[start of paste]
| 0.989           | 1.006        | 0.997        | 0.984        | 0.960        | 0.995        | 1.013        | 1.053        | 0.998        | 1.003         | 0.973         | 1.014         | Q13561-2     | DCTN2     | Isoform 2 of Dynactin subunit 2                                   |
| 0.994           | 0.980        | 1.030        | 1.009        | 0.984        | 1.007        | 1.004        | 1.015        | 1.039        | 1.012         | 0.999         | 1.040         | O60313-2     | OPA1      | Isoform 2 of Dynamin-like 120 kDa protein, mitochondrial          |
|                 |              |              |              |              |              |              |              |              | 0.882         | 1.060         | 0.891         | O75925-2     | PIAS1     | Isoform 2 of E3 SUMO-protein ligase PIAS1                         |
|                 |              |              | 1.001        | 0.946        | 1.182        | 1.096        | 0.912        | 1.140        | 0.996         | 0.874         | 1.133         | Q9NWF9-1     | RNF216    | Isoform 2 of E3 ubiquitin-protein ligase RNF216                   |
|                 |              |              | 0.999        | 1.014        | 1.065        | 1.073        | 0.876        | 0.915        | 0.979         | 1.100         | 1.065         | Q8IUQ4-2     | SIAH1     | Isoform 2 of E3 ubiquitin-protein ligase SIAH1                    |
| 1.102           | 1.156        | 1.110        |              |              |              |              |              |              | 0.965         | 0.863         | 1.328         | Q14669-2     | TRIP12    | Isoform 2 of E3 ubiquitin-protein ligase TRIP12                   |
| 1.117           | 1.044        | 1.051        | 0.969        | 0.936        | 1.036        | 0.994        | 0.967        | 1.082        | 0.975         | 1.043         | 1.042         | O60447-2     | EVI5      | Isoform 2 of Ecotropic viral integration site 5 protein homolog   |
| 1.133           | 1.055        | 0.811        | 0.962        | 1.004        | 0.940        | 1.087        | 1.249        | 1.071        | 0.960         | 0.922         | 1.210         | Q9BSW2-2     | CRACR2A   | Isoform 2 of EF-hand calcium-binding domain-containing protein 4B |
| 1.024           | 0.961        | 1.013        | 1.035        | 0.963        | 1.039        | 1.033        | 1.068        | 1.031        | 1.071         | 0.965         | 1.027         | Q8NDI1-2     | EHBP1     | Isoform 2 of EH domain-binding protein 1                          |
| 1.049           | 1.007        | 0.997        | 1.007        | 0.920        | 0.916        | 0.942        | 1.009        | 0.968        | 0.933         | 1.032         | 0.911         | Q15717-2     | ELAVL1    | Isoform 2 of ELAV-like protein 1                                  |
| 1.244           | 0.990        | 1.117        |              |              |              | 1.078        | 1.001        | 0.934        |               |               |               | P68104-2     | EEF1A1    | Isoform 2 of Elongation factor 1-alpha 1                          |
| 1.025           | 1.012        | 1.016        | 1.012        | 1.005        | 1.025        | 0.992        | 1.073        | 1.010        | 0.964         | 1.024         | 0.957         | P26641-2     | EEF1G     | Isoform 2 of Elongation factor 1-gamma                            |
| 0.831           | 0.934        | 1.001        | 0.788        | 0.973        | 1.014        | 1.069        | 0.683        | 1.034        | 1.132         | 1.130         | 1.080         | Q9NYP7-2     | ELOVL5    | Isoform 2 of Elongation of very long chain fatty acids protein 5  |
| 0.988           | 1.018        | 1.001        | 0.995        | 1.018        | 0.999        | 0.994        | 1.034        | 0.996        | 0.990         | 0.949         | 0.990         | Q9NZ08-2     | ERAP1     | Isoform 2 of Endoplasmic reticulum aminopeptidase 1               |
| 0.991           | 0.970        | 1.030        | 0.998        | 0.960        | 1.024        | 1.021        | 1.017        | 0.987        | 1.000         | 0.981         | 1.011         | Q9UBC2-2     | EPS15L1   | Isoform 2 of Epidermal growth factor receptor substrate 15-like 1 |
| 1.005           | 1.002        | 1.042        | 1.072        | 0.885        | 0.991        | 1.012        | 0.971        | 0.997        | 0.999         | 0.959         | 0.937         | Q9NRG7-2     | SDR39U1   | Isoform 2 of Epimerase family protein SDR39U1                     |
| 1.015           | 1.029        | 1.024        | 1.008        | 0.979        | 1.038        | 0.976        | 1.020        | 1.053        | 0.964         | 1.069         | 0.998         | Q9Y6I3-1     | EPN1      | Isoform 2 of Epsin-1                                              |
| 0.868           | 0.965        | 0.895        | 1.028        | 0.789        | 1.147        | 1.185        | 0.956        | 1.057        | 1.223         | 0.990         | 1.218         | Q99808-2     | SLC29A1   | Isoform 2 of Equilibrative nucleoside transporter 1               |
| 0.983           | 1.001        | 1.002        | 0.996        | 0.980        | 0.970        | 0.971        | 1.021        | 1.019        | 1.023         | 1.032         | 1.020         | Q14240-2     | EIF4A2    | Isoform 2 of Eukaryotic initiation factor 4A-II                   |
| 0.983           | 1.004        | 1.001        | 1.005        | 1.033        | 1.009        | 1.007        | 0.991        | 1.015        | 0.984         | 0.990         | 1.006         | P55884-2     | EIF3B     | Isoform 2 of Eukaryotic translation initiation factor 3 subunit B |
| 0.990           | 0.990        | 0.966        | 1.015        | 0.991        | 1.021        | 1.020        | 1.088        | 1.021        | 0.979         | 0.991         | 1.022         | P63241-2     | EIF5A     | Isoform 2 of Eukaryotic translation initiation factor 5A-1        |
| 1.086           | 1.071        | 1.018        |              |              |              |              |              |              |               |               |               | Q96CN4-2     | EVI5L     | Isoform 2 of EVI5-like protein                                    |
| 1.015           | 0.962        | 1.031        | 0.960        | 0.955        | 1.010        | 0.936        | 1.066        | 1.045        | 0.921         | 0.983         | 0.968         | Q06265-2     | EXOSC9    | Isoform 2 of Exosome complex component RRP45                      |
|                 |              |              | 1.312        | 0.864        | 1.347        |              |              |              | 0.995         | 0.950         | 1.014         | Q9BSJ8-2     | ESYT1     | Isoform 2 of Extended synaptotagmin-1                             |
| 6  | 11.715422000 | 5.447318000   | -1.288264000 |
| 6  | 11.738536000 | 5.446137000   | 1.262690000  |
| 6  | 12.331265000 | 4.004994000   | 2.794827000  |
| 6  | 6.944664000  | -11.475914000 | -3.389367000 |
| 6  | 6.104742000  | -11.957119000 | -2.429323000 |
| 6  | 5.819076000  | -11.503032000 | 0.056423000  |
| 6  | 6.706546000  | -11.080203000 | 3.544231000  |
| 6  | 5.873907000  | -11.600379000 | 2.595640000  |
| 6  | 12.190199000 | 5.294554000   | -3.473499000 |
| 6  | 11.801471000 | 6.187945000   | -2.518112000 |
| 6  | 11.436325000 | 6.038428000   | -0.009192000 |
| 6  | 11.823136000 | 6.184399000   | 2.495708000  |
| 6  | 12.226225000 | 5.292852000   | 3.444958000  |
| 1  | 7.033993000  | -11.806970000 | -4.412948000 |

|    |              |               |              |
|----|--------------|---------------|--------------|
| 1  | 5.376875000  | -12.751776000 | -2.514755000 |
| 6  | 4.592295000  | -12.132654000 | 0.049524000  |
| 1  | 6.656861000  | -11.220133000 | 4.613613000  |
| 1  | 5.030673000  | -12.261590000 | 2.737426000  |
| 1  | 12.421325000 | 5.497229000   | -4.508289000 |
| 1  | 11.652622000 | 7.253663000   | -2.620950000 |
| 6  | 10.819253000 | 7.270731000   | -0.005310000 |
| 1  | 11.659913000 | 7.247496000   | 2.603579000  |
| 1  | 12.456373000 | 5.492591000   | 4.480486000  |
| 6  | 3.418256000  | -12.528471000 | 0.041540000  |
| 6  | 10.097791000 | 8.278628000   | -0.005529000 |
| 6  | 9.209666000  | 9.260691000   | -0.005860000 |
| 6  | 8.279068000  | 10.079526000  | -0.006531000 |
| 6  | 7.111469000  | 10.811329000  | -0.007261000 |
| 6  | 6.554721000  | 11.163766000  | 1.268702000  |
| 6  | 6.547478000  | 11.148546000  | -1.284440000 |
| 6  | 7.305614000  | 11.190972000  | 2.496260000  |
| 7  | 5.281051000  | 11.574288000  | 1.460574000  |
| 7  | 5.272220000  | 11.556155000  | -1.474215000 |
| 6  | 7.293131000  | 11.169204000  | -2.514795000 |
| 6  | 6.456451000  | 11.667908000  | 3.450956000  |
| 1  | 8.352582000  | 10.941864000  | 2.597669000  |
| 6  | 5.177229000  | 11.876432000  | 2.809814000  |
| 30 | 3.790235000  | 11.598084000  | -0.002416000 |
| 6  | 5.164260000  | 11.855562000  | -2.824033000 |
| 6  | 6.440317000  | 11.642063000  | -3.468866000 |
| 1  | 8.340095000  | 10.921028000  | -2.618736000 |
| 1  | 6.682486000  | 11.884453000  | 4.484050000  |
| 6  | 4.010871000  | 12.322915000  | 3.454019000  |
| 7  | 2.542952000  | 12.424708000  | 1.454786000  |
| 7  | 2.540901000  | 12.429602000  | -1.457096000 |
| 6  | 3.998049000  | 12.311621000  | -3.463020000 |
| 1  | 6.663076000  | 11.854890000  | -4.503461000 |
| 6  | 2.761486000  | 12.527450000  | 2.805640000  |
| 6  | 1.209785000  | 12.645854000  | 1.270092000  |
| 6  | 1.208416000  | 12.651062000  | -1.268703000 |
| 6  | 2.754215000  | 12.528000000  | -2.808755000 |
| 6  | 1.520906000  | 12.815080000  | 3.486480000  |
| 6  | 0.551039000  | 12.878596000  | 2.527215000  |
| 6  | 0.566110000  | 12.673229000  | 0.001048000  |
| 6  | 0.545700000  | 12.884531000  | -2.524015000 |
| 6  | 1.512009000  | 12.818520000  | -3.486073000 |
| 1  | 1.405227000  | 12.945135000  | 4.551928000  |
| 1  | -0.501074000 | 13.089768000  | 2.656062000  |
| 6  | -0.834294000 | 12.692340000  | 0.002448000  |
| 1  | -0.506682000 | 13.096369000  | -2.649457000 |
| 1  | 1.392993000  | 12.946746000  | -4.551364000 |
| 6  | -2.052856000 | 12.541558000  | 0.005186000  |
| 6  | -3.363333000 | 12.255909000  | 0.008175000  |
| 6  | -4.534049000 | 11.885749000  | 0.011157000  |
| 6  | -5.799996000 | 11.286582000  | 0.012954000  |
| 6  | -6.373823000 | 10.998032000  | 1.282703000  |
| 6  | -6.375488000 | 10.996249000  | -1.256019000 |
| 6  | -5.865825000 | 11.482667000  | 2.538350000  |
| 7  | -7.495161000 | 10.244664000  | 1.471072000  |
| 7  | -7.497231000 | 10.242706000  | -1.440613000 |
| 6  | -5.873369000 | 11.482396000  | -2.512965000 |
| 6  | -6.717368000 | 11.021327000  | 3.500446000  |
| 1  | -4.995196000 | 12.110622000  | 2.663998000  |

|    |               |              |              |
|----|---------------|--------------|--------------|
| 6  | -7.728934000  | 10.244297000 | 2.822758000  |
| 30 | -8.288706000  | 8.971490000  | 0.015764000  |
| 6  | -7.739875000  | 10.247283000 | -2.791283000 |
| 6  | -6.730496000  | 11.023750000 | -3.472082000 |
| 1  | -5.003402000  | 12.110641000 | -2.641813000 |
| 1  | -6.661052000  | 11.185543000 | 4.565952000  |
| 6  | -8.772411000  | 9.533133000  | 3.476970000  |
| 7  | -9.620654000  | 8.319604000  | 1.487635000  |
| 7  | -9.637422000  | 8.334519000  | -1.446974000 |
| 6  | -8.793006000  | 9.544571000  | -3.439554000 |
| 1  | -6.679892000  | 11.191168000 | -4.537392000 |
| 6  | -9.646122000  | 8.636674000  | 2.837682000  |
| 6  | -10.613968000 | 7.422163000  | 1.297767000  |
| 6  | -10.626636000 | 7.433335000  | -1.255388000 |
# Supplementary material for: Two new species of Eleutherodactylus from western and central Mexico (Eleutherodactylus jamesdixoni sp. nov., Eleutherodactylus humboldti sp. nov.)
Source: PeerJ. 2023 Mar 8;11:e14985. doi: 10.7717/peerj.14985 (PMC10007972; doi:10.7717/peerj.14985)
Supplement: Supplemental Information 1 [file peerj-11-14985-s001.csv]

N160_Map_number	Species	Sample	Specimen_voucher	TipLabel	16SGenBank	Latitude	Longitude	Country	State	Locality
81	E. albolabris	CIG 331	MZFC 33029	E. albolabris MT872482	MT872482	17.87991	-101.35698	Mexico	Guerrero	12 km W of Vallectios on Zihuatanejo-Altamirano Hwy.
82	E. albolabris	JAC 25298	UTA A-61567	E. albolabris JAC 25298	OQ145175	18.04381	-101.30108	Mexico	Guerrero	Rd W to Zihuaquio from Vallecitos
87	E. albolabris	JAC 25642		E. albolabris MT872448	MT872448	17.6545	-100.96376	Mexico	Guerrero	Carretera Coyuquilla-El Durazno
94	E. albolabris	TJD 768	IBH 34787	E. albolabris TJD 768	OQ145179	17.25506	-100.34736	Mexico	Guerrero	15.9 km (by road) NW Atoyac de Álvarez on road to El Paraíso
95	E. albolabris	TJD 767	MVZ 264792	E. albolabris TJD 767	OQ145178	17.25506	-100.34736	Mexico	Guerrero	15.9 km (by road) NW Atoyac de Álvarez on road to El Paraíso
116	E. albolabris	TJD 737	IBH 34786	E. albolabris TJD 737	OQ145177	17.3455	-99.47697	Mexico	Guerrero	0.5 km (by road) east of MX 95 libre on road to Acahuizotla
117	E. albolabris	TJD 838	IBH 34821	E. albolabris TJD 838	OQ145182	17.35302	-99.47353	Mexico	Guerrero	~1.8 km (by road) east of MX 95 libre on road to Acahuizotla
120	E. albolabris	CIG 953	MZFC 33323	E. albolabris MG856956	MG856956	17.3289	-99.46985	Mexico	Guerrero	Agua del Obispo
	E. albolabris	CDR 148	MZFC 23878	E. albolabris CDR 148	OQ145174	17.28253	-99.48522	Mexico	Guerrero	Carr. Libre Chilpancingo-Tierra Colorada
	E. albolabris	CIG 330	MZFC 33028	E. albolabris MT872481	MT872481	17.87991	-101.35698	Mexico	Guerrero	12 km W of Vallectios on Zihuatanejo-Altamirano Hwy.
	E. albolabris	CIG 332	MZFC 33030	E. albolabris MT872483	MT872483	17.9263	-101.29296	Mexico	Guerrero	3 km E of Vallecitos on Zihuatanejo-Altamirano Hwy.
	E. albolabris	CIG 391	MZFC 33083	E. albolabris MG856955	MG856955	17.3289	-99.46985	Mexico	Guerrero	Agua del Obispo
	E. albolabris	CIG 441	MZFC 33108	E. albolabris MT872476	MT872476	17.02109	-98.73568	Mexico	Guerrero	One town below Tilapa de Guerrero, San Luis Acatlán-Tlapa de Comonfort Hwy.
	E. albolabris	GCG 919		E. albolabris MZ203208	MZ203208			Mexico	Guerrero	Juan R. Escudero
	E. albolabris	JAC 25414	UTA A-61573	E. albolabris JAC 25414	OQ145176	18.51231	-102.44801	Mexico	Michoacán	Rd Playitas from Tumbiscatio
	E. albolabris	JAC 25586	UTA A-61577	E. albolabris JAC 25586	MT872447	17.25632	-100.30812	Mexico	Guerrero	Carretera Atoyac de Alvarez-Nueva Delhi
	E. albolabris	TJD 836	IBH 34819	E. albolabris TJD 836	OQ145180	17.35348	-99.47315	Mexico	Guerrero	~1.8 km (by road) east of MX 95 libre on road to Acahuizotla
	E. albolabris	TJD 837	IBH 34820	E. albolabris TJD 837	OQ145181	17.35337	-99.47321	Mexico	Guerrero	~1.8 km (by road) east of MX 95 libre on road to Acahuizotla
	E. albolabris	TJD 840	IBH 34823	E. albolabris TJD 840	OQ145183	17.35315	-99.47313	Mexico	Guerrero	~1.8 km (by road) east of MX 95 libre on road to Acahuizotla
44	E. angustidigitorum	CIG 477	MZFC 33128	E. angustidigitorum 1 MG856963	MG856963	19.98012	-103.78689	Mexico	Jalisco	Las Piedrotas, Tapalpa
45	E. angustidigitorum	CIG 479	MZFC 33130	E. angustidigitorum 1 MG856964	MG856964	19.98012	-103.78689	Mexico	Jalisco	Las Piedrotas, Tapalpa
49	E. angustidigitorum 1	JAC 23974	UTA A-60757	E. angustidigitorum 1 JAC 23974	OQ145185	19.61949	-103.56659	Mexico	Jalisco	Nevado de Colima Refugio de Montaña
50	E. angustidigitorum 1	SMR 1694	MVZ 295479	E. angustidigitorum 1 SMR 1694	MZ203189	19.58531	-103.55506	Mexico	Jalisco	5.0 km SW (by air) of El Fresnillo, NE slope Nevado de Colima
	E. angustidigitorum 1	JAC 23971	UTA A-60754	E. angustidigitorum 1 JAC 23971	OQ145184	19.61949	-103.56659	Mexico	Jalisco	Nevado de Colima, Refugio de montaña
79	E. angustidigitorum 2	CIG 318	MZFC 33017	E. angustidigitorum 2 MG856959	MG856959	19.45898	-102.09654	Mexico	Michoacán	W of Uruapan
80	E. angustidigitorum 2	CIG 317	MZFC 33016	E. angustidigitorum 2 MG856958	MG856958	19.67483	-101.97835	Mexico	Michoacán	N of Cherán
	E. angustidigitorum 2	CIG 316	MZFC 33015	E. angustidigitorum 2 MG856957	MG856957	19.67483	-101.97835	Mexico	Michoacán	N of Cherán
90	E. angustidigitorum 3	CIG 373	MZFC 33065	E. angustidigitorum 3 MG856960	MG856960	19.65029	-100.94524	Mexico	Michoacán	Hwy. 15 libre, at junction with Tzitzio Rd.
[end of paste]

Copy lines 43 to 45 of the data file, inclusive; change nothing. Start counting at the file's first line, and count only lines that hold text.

| 1  | 6.656861000  | -11.220133000 | 4.613613000  |
| 1  | 5.030673000  | -12.261590000 | 2.737426000  |
| 1  | 12.421325000 | 5.497229000   | -4.508289000 |